Purple Passion(flower)

These passionflower photographs are the result of an afternoon spent playing with a stem of the plant in my studio.

I photographed the flower and leaves to show their translucence. This makes the tiny veins in the petals and leaves stand out and gives a very crisp, sharp look to the photograph.

The colour changes a bit too. When seen under normal lighting (i.e. lit from the front or above), this passionflower is a soft pinky-purple. Here, though, the light from behind has bleached out the petal colours considerably and you can see more pink and red tones rather than the normal purple.

My setup for photographing flowers against a white background is fairly straightforward. I use a mini ‘shooting table’. Basically this is a sheet of translucent perspex on a metal frame. It’s bent into an ‘L’ shape (seen side-on). That gives both a background and a base for the photograph.

Because the shooting-table is translucent, you can shine studio lights through it. This gives a bright white background.

If you set the light levels so that there is a lot of light coming from behind the flower (in comparison to the light coming from the front), then you’ll get the maximum amount of detail in the veins of the petals.

To light the flowers from the front, I usually use two large studio flashes (strobes). One of these is fitted with a large, square softbox, which gives a very soft and even light. But the size of the softbox is more than a little awkward in my very small studio space!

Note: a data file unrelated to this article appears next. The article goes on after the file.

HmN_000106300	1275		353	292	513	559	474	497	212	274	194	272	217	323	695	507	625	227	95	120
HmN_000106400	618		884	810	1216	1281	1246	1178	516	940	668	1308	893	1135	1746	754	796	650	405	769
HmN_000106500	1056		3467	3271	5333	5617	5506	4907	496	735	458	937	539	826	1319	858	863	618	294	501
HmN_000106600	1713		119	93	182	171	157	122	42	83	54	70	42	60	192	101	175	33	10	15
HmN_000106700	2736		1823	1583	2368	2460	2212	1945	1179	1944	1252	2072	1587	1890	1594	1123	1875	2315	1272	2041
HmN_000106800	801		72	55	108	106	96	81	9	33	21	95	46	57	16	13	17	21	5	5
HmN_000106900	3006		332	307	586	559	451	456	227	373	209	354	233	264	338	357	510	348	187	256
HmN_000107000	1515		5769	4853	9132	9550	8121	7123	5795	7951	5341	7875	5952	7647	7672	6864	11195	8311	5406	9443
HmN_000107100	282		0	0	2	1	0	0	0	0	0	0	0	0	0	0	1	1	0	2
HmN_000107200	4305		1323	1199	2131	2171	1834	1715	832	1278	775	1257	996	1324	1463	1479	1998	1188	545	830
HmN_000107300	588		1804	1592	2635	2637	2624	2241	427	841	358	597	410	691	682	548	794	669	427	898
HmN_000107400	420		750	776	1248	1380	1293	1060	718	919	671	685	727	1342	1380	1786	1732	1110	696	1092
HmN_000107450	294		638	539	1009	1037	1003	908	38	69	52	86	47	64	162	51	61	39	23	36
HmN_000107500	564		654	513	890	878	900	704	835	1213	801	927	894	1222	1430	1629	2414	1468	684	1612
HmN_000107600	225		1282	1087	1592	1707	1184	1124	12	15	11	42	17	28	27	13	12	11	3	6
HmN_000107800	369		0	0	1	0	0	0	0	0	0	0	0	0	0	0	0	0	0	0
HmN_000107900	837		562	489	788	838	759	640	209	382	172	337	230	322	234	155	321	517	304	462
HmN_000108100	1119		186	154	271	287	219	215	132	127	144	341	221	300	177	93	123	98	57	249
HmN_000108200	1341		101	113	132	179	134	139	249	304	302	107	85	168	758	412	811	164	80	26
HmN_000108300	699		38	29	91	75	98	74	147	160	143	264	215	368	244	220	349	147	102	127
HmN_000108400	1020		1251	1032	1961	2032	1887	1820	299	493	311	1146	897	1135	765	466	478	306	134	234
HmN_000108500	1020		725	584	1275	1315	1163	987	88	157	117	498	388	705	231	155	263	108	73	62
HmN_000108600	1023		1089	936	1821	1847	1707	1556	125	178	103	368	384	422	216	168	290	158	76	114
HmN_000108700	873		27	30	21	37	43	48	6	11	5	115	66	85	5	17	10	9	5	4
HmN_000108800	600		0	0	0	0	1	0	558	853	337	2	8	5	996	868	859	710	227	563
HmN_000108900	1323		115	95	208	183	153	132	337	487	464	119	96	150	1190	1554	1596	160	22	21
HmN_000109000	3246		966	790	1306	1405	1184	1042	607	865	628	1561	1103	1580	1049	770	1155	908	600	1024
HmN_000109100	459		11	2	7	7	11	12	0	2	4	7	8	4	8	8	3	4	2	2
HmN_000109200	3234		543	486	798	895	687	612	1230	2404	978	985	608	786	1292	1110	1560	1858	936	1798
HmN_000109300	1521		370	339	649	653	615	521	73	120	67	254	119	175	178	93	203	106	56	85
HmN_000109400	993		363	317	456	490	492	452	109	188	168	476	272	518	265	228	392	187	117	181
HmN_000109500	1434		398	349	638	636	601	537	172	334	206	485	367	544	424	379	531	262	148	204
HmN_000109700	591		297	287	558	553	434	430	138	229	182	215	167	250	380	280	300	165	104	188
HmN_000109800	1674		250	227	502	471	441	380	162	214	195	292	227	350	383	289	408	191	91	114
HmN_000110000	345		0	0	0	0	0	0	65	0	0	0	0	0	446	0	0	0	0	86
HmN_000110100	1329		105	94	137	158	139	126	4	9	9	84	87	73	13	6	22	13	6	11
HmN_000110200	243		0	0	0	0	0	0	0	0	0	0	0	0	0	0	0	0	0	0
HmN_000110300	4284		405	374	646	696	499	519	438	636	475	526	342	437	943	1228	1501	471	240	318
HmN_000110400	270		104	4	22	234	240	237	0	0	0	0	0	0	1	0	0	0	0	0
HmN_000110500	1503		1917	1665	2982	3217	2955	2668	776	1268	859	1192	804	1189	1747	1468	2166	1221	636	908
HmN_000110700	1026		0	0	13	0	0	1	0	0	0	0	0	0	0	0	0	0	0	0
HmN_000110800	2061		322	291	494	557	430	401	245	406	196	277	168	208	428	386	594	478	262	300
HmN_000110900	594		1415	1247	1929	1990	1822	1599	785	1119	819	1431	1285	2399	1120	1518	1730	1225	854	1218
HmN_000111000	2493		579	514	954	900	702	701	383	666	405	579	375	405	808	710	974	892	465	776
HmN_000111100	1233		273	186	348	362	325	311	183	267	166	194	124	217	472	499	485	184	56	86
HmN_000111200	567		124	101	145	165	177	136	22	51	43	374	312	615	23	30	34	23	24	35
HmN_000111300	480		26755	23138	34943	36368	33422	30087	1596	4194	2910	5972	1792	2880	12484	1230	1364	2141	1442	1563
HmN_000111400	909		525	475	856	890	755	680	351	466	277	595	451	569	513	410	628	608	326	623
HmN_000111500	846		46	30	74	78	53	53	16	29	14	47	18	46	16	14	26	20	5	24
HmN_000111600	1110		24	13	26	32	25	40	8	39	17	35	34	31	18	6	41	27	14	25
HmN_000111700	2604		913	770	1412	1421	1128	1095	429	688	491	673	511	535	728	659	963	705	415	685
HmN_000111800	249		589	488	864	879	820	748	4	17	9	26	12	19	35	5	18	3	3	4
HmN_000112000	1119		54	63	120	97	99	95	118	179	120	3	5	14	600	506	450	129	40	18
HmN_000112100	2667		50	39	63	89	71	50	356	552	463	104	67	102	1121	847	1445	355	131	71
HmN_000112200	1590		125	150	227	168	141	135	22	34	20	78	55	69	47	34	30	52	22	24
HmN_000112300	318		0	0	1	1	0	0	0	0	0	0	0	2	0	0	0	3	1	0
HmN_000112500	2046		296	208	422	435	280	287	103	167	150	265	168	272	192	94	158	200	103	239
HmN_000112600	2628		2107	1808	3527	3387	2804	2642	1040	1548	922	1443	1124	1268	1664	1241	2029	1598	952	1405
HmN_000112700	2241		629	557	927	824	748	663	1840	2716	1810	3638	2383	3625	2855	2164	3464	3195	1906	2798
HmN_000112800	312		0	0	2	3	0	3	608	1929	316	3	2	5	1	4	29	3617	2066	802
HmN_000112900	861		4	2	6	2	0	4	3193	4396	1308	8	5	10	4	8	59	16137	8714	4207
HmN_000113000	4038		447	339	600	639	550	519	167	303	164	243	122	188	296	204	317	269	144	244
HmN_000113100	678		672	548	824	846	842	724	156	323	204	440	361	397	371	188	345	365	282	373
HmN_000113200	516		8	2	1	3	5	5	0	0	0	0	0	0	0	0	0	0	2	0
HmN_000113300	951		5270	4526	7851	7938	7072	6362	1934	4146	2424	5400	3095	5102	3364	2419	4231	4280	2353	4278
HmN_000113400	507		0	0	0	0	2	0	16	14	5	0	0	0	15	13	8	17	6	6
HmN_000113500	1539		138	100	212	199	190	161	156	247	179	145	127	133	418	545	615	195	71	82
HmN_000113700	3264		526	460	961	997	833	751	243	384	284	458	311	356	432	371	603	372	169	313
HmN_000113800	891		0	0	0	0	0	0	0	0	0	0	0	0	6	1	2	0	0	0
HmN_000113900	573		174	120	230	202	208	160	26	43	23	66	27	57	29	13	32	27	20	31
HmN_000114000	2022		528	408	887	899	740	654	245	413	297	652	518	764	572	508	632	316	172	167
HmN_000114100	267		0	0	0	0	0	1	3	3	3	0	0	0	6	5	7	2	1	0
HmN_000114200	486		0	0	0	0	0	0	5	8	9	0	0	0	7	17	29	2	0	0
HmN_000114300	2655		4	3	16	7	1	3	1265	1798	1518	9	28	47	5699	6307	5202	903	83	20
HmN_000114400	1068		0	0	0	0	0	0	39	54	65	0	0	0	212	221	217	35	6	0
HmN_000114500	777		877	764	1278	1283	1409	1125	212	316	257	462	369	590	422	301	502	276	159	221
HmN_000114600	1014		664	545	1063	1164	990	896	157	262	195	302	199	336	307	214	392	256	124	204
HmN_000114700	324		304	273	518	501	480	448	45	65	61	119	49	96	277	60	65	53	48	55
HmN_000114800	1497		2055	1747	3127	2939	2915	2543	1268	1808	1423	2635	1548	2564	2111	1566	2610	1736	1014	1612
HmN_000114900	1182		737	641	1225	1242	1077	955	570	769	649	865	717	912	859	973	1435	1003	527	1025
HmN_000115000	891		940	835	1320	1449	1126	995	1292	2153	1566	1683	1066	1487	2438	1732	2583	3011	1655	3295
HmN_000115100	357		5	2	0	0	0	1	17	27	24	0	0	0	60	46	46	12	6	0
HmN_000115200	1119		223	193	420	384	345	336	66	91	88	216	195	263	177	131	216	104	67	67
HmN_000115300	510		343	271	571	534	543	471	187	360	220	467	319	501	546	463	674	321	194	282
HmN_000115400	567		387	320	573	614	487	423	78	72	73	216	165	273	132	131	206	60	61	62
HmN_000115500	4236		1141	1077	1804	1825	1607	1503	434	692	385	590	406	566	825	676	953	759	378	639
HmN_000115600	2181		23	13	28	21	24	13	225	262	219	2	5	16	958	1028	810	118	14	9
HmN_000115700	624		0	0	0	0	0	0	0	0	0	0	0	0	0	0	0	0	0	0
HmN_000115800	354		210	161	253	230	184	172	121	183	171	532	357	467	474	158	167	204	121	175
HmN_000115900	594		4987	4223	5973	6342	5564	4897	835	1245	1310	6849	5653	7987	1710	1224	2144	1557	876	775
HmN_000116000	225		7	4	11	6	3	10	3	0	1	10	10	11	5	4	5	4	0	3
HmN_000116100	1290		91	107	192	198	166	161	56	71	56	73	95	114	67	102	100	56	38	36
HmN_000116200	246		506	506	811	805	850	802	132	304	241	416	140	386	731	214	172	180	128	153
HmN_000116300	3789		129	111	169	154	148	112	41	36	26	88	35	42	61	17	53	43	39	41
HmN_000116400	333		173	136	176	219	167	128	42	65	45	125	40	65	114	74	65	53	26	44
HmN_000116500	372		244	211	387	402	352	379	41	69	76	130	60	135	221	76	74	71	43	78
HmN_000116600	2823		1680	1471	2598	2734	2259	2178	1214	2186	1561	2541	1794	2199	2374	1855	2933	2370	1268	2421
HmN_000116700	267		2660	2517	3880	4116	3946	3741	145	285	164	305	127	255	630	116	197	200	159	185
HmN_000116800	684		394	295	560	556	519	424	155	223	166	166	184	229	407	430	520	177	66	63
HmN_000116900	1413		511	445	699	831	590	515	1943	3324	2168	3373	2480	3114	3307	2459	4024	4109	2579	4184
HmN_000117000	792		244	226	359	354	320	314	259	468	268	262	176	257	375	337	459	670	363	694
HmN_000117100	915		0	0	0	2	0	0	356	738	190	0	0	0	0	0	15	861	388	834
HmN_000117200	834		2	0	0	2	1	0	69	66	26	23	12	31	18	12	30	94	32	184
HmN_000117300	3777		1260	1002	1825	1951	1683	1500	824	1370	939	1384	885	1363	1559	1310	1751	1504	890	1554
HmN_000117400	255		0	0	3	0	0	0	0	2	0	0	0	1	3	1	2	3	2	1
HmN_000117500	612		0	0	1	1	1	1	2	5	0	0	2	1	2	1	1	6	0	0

The other light is fitted with a white (translucent) shoot-through brolly. The light from this is not as soft as that from the softbox, so it introduces a bit more shadow. This gives a bit more depth and modelling to the photograph.

If I want to have stronger shadows and a more dramatic feel to the image, I’ll use just the light with the brolly and leave out the light with the softbox. A reflector opposite the light is enough to put just a little light into the shadows.

By the way, if anyone knows the name of this particular passionflower, then please tell me! I’ve been wondering about it because it was labelled ‘Amethyst’, but Amethyst usually has a ring of purple filaments, instead of the white that this flower has. I’m intrigued and would love to know the correct name!

Passionflower ‘Amethyst’ or something else?

Late Winter Colour: Primulas

By the time you’re reading this, the garden here will probably be under attack from gale force winds and heavy rain as storm Ciara passes through.

During this sort of gardener-unfriendly weather, I’m very happy to be able to stay inside, working in the comfort of my tiny studio space. So I am always on the lookout for flowers that lend themselves to indoor photography. For this, primulas are very obliging.

Primulas are easily available at this time of year in a great variety of colours and markings. They don’t cost much to buy and the flowers, once picked for the studio, last well in water.

Primulas-4564

To be able to photograph such short-stemmed flowers, I have a collection of very small containers that act as mini vases. The top photo has a square recycled-glass bottle that is only 2 inches high – just the right size for very small flowers. The container in the other photos is probably an old eye-wash glass and it’s wide enough for several flowers.

Other useful ‘vases’ for short-stemmed flowers include vintage ink bottles, candle and tealight holders and shot glasses. It’s been fun shopping for these in junk shops and vintage stalls – you never know what you’ll find that will help to make a good photograph.

Now that the primulas have been photographed, I must decide where to plant them. They somehow look a bit formal and perhaps too showy for most areas of the back garden (which is now developing a more ‘natural’ look), so they’ll probably be planted in the front garden. Sadly, it seems that these highly-bred primulas are not useful to bees so I won’t be buying many of them. (Instead I could buy the yellow-flowered Primula vulgaris, which is native to the UK and is a good plant for bees, butterflies and moths.)

I hope you enjoy this little bit of cheery colour!

Primulas-4557